Ex-director of Horniman Museum dies aged 89

David Boston, who has died aged 89 was for 28 years director at the Horniman Museum – he also helped secure, in 1985 when its funder, the Greater London Council, was scrapped by the Conservative government.

He managed to get direct Government funding, giving it national museum status.

The Horniman’s collections began in the drawing-room of a millionaire tea importer, Frederick Horniman, who wanted “to bring the world to Forest Hill”, then a genteel leafy Victorian suburb of large villas.

There are works of art, musical instruments, costumes, jewellery and weapons, in 1901 rehoused in a purpose-built building.

By the time Boston arrived in 1965 the collection – now of 350,000 objects – was too big for its building.

He found storage in Greenwich, where much of it is still housed.

This allowed space for temporary exhibitions and teaching.

The museum’s Victorian conservatory was moved from the Horniman family home in Croydon and rebuilt in the museum’s gardens, with the support of the comedian Spike Milligan.

A year after arriving at the museum, he organised the creation of an intricate sand painting by Fred Stevens, a Navajo artist and medicine man.

Traditionally such works would be destroyed as part of the ritual, but Boston managed to persuade Stevens that his painting should be preserved for the museum collection – and then had to work out how.

He wrote later that it remained his favourite museum object.

Mr Boston was born in Salisbury and educated at Rondebosch, Cape Town.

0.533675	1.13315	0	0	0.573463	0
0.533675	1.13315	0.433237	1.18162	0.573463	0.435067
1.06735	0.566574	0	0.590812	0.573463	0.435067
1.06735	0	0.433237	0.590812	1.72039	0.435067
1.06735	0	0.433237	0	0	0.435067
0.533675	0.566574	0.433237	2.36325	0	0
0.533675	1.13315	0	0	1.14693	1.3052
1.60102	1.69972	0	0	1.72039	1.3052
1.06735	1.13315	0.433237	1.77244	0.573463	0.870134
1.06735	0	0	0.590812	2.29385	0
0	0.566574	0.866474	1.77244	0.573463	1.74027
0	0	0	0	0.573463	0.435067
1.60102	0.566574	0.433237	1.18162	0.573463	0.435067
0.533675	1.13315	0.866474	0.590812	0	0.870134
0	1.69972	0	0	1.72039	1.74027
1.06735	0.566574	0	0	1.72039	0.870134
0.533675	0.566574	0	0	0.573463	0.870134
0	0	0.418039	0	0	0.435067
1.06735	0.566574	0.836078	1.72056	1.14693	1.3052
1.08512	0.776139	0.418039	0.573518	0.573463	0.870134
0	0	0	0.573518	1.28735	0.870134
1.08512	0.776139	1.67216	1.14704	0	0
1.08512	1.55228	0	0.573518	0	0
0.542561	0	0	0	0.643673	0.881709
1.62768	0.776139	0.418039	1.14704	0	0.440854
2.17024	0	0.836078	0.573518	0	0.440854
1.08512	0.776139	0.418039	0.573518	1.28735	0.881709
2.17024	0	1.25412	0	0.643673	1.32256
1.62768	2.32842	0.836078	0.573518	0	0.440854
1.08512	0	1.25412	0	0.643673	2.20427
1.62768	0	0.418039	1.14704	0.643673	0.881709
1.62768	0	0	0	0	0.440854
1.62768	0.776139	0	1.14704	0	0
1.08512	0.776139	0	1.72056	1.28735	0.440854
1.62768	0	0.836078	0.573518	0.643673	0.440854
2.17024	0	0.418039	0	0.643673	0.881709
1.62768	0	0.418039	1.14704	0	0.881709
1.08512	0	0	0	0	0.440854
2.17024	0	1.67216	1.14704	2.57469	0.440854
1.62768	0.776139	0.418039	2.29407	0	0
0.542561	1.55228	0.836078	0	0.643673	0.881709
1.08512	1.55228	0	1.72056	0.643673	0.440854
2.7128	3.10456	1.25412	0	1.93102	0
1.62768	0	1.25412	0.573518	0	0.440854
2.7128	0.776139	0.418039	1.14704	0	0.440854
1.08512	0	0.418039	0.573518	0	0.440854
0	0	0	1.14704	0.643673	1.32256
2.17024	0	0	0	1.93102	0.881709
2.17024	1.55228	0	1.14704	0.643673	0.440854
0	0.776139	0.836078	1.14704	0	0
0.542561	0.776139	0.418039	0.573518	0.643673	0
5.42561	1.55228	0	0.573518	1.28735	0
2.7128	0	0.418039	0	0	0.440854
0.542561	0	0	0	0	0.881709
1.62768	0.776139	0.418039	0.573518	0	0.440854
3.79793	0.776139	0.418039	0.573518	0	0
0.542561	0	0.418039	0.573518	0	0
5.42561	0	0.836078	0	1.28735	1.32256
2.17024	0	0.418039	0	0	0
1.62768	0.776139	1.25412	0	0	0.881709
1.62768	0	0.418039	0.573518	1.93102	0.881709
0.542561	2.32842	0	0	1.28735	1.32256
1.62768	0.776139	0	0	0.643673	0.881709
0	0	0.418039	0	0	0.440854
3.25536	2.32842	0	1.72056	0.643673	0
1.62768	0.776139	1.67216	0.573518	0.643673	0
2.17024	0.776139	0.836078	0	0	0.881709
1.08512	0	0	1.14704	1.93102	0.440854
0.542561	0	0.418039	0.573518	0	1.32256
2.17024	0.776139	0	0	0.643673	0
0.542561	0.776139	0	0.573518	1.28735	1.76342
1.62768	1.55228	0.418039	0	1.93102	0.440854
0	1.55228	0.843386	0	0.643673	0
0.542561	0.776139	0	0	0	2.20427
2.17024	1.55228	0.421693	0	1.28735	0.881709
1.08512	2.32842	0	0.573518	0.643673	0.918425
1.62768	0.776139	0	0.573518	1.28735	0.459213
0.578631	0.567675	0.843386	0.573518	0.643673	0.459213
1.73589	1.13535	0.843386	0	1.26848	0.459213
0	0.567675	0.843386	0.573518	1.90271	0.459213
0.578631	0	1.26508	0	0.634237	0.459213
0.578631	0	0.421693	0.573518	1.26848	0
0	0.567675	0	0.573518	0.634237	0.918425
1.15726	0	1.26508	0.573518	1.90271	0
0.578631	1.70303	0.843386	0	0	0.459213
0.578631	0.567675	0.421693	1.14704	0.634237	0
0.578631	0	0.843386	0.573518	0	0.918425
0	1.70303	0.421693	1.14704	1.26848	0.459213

He read History at Selwyn College, Cambridge before becoming Keeper of Ethnology at Liverpool Museum and then Assistant Keeper of New World Archaeology and Ethnography at the British Museum.

He was appointed curator – later director – at the Horniman upon Otto Samson’s retirement in 1965 and led it until his retirement in 1993.

He was twice vice-president of the Royal Anthropological Institute (serving twice as Vice President) and on the committee of International Council of Museums and the UK’s Museums Association.

During his directorship of the museum, collections from field workers increased significantly.

He also steered through professionalisation of the ethnography department.

A tweet by the Horniman said: “We are saddened to hear that David Boston, who was director of the Horniman from 1965-1993, has died.

“David’s geniality and enthusiasm for the Horniman’s work were a constant, and he remained interested and in touch with us until recently.”

Main Pic: The Horniman Museum



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